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From Carver Cove, Vinalhaven we motored across East Penobscot Bay and into the Deer Isle Thorofare. It was cold and raining. In the thorofare we dodged lobster pots, lobster boats, and islands as we navigated the foggy, narrow passage.

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Through the thorofare we entered Jerico Bay and were able to raise the main sail. Once again we found ourselves anchoring at Mackerel Cove, Swan’s Island for the night. We were eager to get the stove lighted in the cabin to dry ourselves and our gear from the dreary day.

Ahhh…the next morning warmth and sunshine greeted us in the cockpit! Maine mus know that our friends have arrived. We set sail out of Mackerel Cove, Swan’s Island and had a beautiful reach up into Blue Hill Bay. Finally, smooth sailing and a clear view! (Mount Desert Island in the distance.)IMG_5807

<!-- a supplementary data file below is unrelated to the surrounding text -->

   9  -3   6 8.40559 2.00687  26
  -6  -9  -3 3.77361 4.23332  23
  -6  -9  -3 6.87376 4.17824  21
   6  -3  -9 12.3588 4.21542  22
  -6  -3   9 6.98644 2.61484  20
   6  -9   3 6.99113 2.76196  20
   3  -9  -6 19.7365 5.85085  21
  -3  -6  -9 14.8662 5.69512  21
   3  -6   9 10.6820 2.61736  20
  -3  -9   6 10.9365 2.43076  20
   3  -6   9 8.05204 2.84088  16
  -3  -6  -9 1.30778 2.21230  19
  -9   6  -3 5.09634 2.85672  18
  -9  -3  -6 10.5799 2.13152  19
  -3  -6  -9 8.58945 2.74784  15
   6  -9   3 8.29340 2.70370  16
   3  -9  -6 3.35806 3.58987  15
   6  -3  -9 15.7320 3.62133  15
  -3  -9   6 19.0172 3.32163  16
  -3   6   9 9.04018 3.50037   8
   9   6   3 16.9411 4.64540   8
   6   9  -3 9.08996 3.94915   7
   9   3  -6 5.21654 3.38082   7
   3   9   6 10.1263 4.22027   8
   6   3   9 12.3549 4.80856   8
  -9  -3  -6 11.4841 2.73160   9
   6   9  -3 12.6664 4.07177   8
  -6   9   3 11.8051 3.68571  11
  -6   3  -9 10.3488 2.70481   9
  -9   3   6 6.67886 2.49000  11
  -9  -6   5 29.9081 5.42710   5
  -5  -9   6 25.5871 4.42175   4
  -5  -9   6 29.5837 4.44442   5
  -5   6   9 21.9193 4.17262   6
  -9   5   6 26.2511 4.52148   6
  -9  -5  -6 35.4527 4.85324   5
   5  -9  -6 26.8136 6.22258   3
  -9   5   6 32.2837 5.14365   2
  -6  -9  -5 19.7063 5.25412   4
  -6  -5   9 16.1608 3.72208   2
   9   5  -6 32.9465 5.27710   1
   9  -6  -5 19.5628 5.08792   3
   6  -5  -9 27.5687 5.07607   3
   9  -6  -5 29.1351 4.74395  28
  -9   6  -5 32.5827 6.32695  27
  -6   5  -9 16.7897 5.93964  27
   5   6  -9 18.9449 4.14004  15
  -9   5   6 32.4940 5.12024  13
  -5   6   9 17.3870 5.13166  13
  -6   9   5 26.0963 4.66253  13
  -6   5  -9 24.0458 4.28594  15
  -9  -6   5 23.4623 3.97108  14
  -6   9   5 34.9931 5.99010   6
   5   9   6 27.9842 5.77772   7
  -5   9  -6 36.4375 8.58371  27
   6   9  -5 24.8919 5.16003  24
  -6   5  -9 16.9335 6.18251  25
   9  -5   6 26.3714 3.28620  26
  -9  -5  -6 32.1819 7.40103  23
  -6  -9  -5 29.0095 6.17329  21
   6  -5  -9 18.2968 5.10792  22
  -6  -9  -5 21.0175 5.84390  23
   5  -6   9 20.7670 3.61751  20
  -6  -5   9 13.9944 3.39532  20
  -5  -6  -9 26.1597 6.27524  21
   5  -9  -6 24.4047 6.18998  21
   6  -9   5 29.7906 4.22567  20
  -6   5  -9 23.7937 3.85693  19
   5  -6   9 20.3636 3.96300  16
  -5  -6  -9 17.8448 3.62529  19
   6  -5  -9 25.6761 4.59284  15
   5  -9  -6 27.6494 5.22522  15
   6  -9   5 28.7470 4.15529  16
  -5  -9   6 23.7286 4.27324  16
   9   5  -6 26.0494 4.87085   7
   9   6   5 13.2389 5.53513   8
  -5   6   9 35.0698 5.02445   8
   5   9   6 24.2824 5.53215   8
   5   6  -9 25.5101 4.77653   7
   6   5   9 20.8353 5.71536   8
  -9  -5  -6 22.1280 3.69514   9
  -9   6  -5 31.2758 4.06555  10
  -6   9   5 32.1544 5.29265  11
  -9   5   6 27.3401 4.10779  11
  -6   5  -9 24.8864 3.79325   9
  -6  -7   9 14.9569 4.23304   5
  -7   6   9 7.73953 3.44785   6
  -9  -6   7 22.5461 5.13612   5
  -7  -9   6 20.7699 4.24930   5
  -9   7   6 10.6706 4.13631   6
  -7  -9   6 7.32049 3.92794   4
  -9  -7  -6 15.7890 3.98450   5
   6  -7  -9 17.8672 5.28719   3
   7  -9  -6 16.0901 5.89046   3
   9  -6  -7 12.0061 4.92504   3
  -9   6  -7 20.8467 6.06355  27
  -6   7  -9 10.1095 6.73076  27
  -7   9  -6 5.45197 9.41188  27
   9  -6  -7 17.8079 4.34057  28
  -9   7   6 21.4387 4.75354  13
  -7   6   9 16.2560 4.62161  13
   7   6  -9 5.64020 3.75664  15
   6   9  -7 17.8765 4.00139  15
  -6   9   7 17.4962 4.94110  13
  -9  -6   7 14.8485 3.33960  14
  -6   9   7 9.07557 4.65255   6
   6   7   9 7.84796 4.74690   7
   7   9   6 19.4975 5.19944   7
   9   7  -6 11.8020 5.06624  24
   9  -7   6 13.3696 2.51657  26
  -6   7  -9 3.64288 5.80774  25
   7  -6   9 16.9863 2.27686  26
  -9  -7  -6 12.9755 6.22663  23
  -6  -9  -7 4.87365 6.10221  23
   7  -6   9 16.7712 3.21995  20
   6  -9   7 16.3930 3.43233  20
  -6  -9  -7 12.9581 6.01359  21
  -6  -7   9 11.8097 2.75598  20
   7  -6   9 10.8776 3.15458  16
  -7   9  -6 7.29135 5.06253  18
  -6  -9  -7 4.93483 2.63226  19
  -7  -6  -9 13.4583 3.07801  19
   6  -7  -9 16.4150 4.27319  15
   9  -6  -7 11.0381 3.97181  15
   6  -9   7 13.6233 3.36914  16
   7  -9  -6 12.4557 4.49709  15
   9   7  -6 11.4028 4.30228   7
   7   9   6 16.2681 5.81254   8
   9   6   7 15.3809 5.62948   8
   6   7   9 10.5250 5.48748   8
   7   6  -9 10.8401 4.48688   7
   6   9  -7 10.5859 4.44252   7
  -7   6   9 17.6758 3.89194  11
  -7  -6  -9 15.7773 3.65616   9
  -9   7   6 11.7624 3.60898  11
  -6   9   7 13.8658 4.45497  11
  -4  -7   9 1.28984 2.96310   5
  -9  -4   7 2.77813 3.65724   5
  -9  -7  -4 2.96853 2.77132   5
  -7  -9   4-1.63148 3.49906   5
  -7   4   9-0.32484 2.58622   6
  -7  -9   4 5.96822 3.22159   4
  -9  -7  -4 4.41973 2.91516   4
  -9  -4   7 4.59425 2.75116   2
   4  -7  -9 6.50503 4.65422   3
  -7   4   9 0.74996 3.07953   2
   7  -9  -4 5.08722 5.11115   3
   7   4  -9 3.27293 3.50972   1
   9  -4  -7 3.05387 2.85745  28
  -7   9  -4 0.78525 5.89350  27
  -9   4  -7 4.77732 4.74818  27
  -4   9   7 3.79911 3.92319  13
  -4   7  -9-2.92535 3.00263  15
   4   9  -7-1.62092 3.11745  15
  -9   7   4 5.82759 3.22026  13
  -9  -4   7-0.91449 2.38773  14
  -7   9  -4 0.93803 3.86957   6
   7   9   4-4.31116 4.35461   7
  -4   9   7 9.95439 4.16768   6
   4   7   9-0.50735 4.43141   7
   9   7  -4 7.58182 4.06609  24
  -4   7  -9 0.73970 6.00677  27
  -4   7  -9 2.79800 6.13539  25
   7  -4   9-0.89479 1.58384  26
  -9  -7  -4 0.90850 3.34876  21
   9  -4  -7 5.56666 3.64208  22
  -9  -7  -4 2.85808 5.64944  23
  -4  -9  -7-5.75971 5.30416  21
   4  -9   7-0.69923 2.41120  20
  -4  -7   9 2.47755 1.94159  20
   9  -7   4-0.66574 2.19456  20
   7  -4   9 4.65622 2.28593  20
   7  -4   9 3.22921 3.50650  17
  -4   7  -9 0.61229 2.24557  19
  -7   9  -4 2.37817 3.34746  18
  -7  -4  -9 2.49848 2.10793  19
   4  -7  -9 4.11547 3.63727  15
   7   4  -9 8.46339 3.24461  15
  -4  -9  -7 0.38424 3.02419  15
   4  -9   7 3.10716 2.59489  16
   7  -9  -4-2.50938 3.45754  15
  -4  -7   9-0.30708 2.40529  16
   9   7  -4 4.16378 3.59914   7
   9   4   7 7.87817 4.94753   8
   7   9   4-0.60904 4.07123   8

Warren Island

Welcome to Warren Island!

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Warren Island is a state park. The island is nestled north of Seven Hundred Acre Island; the two islands are nearly connected at low tide. In the cove there are several first come first serve moorings and a floating dock leading ashore to campgrounds and trails. Rode Trip anchored among the moorings in 8 feet of water. We had no difficulty setting our anchor, although have learned from local knowledge that the bottom here is gravel-like and can be difficult to catch. We did not pick up a mooring simply because there was not one large enough to hold ‘ol Rode Trip; the potentials were already snagged by other boats.